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Product Details

  • Series: The Public Square
  • Hardcover: 216 pages
  • Publisher: Princeton University Press; 1 edition (October 26, 2008)
  • Language: English
  • ISBN-10: 0691123314
  • ISBN-13: 978-0691123318
  • Product Dimensions: 8.5 x 5.6 x 0.9 inches
  • Shipping Weight: 12.8 ounces
  • Average Customer Review: 2.7 out of 5 stars  See all reviews (11 customer reviews)
  • Amazon Best Sellers Rank: #1,628,236 in Books (See Top 100 in Books)

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More About the Author

JEFF MADRICK is a former economics columnist for The New York Times and has been a regular contributor to The New York Review of Books for many years. He is editor of Challenge Magazine, visiting professor of humanities at The Cooper Union, and senior fellow at The Roosevelt Institute and the Schwartz Center for Economic Policy Analysis, The New School. He is the author of a half dozen books, including Taking America (Bantam), and The End of Affluence (Random House), both of which were New York Times Notable Books of the Year. Taking America was also chosen by Business Week as one of the ten best books of the year. His most recent books are Why Economies Grow (Basic Books) and The Case for Big Government, which won a general non-fiction award from Pen America. His new book, published in mid-2011 by Alfred A. Knopf, is Age of Greed, The Triumph of Finance and the Decline of America, 1970 to the Present.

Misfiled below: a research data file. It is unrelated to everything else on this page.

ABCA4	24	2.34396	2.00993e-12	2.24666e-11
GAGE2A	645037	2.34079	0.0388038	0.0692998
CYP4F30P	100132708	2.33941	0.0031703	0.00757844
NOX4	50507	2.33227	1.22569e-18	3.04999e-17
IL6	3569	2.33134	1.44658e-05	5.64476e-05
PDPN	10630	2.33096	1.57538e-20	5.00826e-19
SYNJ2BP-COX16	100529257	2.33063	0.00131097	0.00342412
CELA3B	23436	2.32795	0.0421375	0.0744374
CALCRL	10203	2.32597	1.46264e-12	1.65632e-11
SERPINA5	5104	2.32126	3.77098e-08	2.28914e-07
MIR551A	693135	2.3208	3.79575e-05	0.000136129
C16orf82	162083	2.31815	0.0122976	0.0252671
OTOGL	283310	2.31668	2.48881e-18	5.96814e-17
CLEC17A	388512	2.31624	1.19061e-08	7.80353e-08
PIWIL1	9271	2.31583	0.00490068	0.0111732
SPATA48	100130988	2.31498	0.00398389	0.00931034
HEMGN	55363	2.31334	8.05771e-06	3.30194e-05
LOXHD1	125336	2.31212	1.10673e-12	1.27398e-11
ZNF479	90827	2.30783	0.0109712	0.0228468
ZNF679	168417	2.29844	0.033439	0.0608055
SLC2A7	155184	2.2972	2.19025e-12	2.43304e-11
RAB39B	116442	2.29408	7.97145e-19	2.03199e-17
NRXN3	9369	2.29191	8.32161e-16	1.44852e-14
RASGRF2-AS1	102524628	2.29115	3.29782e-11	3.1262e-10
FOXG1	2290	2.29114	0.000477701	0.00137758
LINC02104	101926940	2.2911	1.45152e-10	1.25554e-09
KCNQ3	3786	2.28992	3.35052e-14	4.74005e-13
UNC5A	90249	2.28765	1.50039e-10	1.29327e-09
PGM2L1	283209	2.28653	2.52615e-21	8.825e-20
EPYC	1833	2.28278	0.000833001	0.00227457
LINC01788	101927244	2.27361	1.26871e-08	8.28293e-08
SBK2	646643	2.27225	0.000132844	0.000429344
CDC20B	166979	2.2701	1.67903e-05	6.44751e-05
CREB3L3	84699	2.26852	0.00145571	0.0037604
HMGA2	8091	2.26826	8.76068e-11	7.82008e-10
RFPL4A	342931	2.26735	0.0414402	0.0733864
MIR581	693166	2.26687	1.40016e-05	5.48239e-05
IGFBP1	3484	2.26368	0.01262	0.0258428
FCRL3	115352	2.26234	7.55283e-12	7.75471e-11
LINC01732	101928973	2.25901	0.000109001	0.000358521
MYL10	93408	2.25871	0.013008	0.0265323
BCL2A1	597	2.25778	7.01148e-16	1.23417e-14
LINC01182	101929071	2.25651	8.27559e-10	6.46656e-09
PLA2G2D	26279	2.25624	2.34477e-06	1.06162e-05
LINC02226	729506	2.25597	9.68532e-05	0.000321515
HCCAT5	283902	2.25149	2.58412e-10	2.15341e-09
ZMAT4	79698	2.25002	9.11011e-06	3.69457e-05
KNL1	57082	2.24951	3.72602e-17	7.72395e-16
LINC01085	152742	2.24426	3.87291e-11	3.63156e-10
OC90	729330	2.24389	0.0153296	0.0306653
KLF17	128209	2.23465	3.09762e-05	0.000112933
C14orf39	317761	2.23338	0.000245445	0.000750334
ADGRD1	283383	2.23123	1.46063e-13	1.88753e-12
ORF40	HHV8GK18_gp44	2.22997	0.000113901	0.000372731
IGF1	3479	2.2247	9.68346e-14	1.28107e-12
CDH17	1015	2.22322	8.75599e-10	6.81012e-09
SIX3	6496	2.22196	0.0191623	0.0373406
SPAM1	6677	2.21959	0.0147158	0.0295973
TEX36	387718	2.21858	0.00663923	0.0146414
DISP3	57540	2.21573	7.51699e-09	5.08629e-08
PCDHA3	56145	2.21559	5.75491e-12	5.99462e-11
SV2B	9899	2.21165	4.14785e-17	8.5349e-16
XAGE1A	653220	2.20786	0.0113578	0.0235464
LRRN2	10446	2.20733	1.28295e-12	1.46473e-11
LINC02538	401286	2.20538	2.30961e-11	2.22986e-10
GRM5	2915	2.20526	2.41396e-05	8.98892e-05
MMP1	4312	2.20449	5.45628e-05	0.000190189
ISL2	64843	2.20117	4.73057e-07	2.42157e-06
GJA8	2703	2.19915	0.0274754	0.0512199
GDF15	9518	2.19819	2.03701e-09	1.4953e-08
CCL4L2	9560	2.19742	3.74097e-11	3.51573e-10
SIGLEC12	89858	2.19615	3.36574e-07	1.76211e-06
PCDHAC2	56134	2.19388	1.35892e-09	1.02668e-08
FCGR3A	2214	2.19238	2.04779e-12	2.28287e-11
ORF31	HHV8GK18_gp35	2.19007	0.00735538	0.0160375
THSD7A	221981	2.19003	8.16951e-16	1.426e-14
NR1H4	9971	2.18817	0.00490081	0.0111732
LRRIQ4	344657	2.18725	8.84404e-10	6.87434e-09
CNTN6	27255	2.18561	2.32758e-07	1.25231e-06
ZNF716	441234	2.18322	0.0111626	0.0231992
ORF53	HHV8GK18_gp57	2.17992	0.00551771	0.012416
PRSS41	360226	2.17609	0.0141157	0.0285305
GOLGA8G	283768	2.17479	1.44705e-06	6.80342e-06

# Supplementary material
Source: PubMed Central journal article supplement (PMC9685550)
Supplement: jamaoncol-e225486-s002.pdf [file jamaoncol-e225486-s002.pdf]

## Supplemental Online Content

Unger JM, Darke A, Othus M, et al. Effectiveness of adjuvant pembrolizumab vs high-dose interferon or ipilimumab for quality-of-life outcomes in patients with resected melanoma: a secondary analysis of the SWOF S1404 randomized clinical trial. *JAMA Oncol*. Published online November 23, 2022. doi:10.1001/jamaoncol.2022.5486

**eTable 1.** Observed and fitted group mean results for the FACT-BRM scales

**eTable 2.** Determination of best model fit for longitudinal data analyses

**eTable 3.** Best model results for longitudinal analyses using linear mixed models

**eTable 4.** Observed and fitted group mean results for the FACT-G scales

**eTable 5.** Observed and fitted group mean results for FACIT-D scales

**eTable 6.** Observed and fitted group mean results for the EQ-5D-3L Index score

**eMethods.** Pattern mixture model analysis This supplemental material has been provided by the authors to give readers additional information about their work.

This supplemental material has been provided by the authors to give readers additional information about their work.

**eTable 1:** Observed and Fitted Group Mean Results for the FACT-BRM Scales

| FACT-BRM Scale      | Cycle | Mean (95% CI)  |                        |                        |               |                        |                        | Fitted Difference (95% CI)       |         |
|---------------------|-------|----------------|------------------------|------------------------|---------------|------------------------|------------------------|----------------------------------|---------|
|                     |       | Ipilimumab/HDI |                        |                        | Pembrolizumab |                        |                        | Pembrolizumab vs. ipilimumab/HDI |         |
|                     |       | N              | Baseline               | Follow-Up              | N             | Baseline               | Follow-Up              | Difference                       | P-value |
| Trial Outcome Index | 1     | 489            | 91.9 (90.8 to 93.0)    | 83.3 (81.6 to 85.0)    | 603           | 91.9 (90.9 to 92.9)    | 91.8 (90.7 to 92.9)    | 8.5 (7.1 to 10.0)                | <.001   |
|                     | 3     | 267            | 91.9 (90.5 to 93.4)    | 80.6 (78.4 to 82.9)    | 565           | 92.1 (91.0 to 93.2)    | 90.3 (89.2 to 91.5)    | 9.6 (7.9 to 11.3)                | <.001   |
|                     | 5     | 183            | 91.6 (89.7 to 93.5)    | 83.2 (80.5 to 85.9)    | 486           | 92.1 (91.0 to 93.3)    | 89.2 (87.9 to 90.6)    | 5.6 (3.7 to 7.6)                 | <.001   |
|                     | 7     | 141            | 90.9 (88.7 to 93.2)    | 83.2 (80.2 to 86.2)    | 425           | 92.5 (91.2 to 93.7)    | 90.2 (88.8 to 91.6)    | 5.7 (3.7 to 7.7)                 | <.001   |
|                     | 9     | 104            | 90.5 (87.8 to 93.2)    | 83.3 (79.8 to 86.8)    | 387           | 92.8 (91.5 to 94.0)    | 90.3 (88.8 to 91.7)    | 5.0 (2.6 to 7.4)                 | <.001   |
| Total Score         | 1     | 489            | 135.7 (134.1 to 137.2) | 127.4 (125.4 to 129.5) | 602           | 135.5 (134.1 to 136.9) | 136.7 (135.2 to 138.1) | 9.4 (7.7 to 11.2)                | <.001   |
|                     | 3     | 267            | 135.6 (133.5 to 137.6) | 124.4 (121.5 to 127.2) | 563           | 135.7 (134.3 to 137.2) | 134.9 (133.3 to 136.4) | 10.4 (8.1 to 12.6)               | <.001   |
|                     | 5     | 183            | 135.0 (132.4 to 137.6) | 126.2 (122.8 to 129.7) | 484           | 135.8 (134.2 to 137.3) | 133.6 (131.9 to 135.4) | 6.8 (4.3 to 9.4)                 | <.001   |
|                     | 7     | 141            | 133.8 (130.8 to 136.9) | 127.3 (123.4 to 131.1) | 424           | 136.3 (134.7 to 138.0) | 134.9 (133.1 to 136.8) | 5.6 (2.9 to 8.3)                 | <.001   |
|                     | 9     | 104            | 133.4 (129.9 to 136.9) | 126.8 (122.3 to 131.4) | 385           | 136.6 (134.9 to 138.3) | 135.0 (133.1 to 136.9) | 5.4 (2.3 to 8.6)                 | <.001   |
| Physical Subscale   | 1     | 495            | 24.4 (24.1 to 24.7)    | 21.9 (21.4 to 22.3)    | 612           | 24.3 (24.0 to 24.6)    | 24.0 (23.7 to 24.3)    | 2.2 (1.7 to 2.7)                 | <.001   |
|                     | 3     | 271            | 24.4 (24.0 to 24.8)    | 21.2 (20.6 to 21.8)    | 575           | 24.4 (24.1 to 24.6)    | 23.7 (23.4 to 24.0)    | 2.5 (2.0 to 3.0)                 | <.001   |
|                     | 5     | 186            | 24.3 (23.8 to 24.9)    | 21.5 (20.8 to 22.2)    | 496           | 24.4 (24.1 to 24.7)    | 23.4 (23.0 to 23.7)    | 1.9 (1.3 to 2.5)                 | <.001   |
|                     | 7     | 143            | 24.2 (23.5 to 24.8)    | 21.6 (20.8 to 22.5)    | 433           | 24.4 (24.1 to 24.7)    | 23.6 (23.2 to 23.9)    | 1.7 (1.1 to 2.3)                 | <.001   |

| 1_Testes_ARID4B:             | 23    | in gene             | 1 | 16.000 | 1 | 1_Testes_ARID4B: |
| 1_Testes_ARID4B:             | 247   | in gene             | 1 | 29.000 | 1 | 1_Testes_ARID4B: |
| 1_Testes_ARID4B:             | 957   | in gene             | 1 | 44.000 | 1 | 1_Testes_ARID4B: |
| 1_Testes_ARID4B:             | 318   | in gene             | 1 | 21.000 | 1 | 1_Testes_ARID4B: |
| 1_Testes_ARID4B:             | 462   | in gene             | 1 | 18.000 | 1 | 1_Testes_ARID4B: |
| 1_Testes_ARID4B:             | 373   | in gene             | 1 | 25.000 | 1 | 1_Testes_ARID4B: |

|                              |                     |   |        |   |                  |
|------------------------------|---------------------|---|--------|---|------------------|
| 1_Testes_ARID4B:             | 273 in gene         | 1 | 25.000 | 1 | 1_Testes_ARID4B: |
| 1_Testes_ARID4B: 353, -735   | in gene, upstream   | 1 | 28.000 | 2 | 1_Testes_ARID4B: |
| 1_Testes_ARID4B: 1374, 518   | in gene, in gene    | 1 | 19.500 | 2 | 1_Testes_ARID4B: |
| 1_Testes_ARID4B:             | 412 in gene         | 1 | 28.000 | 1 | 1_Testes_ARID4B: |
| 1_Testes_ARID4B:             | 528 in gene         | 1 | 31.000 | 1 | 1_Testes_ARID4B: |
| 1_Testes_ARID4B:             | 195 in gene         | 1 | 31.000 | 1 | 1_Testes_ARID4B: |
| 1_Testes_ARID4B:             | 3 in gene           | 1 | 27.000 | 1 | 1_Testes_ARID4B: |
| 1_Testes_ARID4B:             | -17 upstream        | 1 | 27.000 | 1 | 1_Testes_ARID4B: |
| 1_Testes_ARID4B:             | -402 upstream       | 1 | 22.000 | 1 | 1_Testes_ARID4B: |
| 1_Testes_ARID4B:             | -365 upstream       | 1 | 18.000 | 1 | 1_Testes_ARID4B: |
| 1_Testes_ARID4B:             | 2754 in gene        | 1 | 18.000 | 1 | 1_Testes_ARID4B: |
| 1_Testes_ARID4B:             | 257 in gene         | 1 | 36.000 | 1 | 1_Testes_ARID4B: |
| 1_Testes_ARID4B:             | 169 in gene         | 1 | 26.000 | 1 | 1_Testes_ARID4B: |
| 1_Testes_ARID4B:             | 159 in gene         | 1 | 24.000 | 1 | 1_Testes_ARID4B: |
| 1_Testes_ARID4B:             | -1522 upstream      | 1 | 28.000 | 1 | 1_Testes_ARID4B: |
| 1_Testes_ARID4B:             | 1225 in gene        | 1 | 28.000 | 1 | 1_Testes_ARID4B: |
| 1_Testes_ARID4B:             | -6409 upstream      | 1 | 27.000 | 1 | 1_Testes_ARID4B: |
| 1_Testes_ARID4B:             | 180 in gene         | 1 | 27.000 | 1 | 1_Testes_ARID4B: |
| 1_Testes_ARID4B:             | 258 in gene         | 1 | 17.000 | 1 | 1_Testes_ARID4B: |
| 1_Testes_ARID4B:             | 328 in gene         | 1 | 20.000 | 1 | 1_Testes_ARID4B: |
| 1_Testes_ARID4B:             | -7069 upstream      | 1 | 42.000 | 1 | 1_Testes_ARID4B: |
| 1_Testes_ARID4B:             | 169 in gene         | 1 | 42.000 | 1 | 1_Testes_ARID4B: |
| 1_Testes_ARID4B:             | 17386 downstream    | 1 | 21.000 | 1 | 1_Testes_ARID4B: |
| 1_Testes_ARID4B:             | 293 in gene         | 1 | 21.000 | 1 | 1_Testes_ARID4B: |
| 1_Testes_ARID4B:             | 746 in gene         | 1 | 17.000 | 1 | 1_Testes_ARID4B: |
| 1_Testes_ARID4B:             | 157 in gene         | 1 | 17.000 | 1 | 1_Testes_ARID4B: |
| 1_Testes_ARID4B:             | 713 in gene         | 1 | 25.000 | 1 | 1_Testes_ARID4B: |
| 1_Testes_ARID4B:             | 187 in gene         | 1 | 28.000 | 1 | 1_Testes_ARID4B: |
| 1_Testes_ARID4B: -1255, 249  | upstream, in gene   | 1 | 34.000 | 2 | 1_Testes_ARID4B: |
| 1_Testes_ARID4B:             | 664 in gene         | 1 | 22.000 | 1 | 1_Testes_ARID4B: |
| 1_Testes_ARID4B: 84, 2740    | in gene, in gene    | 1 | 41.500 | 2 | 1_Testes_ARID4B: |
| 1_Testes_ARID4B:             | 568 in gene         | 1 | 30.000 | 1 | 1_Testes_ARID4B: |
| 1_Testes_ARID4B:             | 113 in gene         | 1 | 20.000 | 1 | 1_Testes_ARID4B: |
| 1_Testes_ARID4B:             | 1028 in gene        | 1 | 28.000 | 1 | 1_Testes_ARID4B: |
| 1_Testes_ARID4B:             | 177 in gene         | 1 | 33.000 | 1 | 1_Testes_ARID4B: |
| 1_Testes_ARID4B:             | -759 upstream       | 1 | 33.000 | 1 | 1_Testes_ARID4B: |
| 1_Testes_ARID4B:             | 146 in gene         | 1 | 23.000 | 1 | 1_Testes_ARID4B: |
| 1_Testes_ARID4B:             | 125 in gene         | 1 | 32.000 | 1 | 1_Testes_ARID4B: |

He has written for many other publications, including The Washington Post, The Los Angeles Times, Institutional Investor, The Nation, American Prospect, The Boston Globe, Newsday, Dissent, and the business, op-ed, and magazine sections of The New York Times. He has appeared on Charlie Rose, The Lehrer News Hour, Now With Bill Moyers, Frontline, CNN, CNBC, CBS, BBC,and NPR. He was formerly finance editor of Business Week Magazine, a columnist for Money Magazine, and an NBC News reporter and commentator. His awards also include an Emmy and a Page One Award. He was educated at New York University and Harvard University, and was a Shorenstein Fellow at Harvard.

Customer Reviews

Top Customer Reviews

Format: Hardcover Verified Purchase